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Posted 04.01.05

New Computer Program Helps Scholars 'Manage and Analyze' Qualitative Data

COLUMBIA, Mo. - Every day, researchers, teachers and businessmen and women are bombarded with new and cluttered information from all directions. Whether it is new research to analyze, papers to grade or a presentation to create, it is challenging to find the most important material. A researcher at the University of Missouri-Columbia has developed a new computer content analysis program, Qualrus, which helps manage and analyze this qualitative data, or data that does not have a numeric value, for anyone overwhelmed by vast amounts of information.

"Other qualitative analysis programs offer little help with coding and are not more useful at the end of the project than at the beginning," said Ed Brent, professor of sociology at MU and creator of Qualrus. "Yet, between the beginning and end of data entry, a wealth of information has been entered in the project knowledge base. Qualrus takes advantage of this information to identify patterns in the data and use those patterns to suggest likely codes to the researcher."

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Brent began developing the software in order to help researchers conduct their work. Most of the time, researchers were handling unstructured data, which consisted of interviews, articles and literature data, Brent said. This type of information had become very difficult to sort through to determine the most important content.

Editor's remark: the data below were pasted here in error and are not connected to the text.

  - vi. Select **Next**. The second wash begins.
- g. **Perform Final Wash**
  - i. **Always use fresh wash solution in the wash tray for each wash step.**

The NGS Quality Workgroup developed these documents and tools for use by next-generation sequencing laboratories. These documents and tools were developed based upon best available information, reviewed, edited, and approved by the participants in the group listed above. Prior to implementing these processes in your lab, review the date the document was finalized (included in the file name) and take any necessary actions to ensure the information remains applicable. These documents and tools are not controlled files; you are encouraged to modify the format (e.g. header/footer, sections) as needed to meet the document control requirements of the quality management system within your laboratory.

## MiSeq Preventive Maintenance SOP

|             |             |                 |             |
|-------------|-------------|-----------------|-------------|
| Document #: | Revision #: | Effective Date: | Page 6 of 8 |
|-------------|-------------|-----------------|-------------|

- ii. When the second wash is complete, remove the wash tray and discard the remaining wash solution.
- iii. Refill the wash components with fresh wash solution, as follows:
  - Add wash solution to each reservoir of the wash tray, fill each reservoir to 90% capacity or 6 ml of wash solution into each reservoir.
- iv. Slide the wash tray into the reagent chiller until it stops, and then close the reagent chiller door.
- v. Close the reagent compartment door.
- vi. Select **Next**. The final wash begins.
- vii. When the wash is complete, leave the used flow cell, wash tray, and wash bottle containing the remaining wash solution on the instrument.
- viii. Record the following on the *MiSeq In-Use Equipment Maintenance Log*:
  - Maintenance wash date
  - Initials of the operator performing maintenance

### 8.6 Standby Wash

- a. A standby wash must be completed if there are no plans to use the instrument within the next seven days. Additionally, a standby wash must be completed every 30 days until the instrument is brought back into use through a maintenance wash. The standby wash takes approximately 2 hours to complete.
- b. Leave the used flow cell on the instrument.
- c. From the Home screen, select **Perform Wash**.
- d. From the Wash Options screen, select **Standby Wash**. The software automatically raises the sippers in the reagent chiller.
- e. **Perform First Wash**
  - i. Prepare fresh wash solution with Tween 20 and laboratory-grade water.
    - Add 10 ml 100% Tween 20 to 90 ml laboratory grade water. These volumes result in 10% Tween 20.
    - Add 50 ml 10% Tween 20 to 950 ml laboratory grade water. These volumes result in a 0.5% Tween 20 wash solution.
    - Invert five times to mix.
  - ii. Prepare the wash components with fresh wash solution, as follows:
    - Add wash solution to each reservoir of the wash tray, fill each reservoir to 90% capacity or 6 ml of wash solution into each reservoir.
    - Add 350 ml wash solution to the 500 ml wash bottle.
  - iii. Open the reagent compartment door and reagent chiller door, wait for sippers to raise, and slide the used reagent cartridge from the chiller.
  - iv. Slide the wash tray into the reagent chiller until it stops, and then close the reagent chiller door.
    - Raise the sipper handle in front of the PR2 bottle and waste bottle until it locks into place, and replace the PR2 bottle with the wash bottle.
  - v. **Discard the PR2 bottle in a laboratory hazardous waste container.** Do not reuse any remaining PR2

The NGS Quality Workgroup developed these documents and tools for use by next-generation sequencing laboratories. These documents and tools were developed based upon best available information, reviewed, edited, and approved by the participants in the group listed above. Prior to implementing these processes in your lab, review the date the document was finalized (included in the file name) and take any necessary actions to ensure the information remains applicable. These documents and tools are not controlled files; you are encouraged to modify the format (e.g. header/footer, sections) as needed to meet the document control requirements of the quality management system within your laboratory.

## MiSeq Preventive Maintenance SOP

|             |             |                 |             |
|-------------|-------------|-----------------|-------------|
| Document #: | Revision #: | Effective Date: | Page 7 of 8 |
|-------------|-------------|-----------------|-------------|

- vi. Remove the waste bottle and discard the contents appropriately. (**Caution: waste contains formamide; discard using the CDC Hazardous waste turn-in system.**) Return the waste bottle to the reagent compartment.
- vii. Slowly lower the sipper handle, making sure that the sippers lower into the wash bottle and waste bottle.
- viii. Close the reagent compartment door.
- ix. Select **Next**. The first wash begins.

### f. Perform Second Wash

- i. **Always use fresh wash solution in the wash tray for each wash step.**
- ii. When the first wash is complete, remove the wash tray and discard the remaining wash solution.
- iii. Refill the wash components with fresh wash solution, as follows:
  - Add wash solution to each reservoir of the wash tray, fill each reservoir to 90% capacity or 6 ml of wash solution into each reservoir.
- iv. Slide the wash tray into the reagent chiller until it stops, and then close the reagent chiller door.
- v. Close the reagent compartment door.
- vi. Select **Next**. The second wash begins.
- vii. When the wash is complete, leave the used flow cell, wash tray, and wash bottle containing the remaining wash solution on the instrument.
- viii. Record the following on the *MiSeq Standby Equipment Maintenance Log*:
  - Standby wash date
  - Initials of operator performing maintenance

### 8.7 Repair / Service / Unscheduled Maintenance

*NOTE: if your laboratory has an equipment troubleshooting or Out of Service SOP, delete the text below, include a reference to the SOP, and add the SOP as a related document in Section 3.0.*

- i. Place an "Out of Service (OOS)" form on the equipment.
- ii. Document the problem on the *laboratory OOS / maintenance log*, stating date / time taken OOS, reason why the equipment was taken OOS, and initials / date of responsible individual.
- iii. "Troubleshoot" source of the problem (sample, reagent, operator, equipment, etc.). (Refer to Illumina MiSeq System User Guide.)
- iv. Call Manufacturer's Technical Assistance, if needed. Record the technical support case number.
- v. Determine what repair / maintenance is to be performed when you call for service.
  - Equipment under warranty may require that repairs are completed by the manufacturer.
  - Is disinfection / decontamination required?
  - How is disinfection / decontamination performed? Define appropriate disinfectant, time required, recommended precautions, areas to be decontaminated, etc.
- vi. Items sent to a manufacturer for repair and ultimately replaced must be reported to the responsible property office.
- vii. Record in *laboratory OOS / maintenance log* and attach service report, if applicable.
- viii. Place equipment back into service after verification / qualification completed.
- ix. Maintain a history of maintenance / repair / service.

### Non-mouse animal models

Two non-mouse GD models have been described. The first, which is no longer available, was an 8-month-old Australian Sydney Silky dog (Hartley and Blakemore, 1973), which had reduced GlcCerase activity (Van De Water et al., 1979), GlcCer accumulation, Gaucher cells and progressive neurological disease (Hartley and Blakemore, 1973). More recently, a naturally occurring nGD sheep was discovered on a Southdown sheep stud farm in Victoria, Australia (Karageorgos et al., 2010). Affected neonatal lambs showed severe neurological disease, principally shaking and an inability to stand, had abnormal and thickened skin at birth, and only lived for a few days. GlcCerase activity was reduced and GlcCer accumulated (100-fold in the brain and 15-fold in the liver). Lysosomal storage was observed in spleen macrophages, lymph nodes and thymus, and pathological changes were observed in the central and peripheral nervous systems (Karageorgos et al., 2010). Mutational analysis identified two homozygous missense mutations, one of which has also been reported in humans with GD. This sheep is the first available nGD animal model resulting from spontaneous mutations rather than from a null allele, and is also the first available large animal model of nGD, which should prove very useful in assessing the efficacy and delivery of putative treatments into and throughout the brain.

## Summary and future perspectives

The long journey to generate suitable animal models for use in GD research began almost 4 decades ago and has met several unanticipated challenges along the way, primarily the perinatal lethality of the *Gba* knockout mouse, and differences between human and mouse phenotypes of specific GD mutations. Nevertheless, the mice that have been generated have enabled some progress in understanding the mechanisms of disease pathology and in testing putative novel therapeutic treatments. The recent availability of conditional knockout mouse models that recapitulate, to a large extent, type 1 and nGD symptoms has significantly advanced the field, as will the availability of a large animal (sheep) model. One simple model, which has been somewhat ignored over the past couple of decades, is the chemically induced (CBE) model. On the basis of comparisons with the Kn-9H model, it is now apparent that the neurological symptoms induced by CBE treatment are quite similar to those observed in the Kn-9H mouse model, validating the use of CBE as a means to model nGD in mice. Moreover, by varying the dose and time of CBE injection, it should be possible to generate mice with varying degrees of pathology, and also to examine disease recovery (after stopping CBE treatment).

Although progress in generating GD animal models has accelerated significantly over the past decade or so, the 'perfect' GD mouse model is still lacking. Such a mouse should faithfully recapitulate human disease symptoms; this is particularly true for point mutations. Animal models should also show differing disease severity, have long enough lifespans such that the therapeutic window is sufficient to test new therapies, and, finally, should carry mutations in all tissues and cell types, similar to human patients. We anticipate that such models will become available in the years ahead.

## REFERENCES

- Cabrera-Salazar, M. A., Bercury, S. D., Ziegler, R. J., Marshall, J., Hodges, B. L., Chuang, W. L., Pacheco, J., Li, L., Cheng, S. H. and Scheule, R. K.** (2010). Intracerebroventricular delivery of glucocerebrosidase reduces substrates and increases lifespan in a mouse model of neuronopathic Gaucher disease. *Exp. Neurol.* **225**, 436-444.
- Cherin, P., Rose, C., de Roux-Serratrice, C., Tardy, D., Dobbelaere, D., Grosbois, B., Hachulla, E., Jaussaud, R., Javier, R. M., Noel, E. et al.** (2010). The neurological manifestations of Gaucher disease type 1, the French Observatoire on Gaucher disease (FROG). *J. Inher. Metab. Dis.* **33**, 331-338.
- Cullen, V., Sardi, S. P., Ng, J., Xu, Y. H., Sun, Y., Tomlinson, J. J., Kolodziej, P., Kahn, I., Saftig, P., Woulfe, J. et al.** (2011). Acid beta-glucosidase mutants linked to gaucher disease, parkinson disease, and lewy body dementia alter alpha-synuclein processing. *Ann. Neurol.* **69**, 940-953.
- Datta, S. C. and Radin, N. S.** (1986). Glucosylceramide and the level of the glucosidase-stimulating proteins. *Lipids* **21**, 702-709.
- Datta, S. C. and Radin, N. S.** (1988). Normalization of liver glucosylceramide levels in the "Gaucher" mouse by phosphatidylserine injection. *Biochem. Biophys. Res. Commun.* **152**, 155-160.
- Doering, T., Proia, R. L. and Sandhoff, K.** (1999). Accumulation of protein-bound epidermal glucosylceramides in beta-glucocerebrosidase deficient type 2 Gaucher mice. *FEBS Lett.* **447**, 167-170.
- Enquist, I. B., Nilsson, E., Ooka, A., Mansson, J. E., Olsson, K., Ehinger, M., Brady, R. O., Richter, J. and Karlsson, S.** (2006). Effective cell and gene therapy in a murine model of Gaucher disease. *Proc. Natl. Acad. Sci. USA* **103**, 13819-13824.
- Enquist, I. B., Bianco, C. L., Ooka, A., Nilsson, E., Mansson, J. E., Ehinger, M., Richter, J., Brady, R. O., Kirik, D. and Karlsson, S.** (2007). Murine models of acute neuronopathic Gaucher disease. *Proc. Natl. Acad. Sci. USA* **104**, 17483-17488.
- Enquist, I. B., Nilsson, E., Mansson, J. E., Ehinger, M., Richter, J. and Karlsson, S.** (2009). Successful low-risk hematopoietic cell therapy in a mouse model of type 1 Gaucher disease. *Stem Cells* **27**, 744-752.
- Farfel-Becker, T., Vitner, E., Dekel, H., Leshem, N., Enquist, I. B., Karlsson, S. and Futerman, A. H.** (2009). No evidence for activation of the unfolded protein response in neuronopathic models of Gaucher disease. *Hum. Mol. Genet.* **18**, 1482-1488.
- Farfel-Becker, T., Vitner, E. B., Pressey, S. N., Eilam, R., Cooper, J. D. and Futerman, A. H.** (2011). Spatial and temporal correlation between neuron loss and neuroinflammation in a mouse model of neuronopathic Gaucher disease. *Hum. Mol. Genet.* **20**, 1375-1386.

Two years ago, Brent received a grant from the National Science Foundation to build and test Qualrus. Not only did he use it for research, but he began to use it in the classroom to help grade the first drafts of essays in a writing intensive course. By programming certain patterns of words and phrases, Brent could make Qualrus examine an essay and determine whether a student had answered the assigned questions.

Brent said his program isn't just for researchers and teachers. It also can be useful for large companies that have unstructured data such as press clippings and emails; for lawyers and physicians who want to summarize and review case materials for trials or medical charts; and for journalists who want to categorize, manage and analyze media content.

"We may be in the age of information, but we're not in an age of knowledge," Brent said. "We are bombarded by so much unstructured data that we have problems deciphering what's truly important. This program helps people sort through everything."

The latest version of Qualrus provides access to HTML pages on the Web. In the next two months, Brent will unveil a new version of Qualrus. It also will provide access to PDF files, which are protected documents that prohibit people from saving them as text.

For more information on the program, visit



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